BACKGROUND Tobacco use prevention programmes need accurate information about smoking related mortality. Beginning in 1989, Oregon began asking physicians to report on death certificates whether tobacco use contributed to the death.
OBJECTIVE To determine the long term comparability of this method of estimating tobacco attributable mortality to estimates of smoking attributable mortality derived from a computer model.
DESIGN For the period 1989 to 1996, we compared mortality resulting from tobacco use reported by Oregon physicians to estimates of smoking attributable deaths (SADs) derived by “Smoking attributable mortality, morbidity and economic costs” software version 3.0 (SAMMEC 3.0), a widely used software program that estimates SADs on the basis of smoking prevalence and relative risks of specific diseases among current and former smokers.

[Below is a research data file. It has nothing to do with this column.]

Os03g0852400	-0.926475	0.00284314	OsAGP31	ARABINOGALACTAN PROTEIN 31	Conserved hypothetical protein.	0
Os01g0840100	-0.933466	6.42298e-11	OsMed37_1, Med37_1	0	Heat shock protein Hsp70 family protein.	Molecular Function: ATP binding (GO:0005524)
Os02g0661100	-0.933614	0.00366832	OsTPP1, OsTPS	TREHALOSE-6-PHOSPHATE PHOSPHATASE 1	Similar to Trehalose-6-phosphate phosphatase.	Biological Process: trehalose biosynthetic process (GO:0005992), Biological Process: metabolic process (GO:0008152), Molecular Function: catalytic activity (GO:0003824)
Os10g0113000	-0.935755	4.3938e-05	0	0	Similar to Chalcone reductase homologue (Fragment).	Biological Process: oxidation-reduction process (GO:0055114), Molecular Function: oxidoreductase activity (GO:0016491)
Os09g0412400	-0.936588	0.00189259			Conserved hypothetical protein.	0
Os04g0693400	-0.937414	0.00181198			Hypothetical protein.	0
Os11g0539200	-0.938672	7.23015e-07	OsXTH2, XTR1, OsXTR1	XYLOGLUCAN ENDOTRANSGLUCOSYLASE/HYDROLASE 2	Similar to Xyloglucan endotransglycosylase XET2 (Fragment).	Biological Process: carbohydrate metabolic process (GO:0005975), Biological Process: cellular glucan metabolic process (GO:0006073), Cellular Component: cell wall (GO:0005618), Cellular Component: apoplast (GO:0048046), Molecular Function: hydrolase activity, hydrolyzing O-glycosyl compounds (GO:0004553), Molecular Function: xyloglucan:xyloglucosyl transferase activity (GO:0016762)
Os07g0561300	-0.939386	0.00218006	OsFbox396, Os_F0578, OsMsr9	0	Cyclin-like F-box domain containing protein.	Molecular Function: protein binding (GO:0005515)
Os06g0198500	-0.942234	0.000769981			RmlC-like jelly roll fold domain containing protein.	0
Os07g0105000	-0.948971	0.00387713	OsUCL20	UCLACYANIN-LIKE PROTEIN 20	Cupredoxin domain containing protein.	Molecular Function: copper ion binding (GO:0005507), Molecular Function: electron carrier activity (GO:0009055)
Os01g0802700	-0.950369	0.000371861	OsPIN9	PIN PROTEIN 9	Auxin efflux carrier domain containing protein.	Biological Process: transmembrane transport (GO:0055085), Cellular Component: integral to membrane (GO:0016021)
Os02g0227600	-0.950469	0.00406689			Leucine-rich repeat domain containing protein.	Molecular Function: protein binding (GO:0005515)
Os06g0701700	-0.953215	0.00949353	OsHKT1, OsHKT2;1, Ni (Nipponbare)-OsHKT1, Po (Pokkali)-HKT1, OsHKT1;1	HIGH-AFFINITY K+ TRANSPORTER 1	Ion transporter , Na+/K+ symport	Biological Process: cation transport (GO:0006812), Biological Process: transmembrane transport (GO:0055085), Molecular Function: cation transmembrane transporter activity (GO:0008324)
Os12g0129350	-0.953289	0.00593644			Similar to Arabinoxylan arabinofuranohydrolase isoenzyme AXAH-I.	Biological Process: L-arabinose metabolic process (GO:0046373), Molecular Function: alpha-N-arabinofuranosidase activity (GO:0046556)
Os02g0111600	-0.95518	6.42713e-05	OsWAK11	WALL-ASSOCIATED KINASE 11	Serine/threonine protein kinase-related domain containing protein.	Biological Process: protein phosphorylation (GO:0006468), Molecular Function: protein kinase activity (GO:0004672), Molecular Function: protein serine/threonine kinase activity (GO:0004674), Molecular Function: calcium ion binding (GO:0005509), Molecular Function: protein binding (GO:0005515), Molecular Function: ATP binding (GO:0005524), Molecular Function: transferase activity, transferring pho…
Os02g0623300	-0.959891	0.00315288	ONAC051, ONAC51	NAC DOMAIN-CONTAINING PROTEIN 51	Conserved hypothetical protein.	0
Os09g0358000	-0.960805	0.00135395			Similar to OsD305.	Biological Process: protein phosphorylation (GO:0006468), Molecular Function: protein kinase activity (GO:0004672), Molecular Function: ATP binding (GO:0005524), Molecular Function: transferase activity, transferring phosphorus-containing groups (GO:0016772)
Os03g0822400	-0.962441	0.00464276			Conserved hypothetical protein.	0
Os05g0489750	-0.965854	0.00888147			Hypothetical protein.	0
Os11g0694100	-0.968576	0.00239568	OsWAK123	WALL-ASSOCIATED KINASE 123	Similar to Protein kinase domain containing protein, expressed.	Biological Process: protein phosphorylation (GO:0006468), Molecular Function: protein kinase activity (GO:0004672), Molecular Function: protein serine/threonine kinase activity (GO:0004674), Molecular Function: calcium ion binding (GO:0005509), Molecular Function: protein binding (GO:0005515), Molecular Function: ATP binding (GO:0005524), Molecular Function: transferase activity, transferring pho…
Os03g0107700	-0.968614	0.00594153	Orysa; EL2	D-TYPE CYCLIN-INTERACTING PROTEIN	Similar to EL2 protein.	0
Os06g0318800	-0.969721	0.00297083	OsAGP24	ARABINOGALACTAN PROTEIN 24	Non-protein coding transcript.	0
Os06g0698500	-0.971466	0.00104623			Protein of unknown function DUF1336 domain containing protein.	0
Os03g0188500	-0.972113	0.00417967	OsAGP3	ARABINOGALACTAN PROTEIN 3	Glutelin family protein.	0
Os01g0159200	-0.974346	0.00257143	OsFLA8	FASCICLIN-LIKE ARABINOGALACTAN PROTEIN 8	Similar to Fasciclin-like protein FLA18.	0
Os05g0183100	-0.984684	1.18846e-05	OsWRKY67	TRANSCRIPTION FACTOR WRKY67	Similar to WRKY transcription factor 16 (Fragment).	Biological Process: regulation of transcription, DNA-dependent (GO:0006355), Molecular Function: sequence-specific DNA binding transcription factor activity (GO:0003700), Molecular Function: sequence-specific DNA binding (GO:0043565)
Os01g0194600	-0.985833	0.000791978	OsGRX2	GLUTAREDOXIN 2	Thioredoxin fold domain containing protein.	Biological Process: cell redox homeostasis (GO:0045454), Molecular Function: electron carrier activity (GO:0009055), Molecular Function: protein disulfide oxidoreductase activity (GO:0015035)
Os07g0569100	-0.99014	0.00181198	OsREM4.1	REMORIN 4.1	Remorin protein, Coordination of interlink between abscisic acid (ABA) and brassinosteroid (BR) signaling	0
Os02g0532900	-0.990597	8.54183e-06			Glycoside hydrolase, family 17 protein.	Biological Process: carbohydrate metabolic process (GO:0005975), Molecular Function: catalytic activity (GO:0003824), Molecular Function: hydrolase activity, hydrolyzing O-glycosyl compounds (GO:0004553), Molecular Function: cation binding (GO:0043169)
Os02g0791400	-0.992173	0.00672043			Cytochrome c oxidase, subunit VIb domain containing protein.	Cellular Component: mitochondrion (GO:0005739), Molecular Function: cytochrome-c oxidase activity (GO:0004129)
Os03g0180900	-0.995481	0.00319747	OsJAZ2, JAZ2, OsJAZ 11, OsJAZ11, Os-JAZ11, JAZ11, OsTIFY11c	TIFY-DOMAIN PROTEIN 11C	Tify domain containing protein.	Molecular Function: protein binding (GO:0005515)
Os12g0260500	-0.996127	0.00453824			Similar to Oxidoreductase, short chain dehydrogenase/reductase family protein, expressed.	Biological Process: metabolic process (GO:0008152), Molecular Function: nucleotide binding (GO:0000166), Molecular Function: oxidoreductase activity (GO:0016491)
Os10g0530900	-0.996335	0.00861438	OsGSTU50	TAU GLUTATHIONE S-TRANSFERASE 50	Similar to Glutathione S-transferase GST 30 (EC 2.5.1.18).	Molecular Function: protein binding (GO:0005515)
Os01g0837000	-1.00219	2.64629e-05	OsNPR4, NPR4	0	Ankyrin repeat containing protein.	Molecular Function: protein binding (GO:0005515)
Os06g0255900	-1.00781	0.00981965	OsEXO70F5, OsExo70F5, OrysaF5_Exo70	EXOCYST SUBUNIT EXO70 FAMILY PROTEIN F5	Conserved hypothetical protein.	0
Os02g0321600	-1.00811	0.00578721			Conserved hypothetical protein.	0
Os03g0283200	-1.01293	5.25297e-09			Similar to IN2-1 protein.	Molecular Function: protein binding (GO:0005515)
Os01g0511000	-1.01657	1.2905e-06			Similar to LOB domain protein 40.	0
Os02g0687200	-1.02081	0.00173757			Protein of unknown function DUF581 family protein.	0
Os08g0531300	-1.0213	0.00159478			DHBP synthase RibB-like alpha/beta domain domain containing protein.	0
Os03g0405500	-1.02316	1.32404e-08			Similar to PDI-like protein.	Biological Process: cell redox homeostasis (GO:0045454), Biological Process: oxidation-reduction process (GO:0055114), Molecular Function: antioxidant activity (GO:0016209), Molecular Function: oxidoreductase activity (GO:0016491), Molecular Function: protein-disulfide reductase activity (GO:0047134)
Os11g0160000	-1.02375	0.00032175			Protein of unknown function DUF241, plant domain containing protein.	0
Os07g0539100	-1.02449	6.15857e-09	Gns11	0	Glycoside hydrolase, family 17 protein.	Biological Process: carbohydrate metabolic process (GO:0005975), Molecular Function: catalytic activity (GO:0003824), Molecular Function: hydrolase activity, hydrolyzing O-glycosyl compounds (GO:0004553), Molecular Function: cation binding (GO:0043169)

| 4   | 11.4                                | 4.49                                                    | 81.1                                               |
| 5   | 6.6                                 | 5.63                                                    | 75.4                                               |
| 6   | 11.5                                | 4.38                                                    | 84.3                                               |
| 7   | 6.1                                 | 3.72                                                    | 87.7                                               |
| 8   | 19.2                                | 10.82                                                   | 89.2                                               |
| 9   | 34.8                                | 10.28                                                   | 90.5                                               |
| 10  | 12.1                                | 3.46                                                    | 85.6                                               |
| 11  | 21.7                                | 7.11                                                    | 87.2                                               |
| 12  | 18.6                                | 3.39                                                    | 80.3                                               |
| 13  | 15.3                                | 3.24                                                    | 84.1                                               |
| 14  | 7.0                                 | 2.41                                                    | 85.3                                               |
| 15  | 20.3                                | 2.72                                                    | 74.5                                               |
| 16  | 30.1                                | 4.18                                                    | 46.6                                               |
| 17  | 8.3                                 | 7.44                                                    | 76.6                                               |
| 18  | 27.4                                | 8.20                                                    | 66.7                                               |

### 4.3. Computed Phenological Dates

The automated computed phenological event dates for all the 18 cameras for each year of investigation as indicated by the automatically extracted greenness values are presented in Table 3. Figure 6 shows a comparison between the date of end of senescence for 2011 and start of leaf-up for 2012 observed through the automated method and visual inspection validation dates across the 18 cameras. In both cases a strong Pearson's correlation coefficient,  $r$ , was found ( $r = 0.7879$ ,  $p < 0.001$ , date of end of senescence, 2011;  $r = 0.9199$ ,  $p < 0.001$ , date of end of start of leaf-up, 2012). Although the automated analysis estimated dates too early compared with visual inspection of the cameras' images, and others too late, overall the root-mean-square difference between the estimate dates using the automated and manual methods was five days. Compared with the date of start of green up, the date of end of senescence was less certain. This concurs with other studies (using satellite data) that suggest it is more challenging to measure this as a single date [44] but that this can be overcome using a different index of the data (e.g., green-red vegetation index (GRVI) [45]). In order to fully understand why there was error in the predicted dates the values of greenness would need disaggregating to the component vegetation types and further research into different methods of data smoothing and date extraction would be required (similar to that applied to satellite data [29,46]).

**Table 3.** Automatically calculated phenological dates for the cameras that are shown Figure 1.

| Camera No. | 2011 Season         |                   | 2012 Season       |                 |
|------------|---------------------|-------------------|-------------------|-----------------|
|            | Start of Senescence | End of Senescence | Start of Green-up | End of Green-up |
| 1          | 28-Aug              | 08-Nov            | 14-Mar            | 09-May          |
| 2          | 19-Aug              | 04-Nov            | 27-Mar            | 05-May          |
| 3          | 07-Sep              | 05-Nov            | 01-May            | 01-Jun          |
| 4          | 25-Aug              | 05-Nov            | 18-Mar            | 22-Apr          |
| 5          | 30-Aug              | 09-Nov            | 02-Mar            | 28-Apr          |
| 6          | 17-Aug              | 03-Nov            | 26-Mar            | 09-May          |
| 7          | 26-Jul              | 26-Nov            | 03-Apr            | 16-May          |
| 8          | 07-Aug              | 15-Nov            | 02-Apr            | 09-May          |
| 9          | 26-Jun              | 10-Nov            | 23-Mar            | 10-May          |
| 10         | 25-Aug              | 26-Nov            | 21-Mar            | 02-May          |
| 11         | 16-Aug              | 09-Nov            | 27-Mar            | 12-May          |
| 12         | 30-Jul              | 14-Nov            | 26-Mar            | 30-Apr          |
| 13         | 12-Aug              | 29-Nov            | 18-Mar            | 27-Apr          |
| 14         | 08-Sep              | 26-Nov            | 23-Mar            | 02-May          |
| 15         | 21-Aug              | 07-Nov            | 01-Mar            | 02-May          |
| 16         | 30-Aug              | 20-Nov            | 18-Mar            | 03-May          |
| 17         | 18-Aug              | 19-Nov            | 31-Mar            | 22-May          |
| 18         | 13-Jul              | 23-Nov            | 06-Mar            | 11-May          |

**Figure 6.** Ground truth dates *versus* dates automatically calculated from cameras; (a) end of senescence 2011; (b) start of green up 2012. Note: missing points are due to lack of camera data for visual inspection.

MAIN OUTCOME MEASURES Numbers of deaths, age, sex, and category of disease.
RESULTS Of 212 448 Oregon deaths during 1989–1996, SAMMEC 3.0 estimated that 42 778 (20.1%) were attributable to cigarette smoking. For the same 27 diagnoses, physicians reported that tobacco contributed to 42 839 (20.2%) deaths—a cumulative difference of only 61 deaths over the eight year period. The age and sex distributions of tobacco and smoking attributable deaths reported by the two systems were also similar. By category of disease, the ratio of SAMMEC 3.0 estimates to physician reported deaths was 1.11 for neoplasms, 0.88 for heart disease, and 1.04 for respiratory disease.
CONCLUSIONS Physician reporting provides comparable estimates of smoking attributable mortality and can be a valuable source of data for communicating the risks of tobacco use to the public.
- cause of death
- population surveillance
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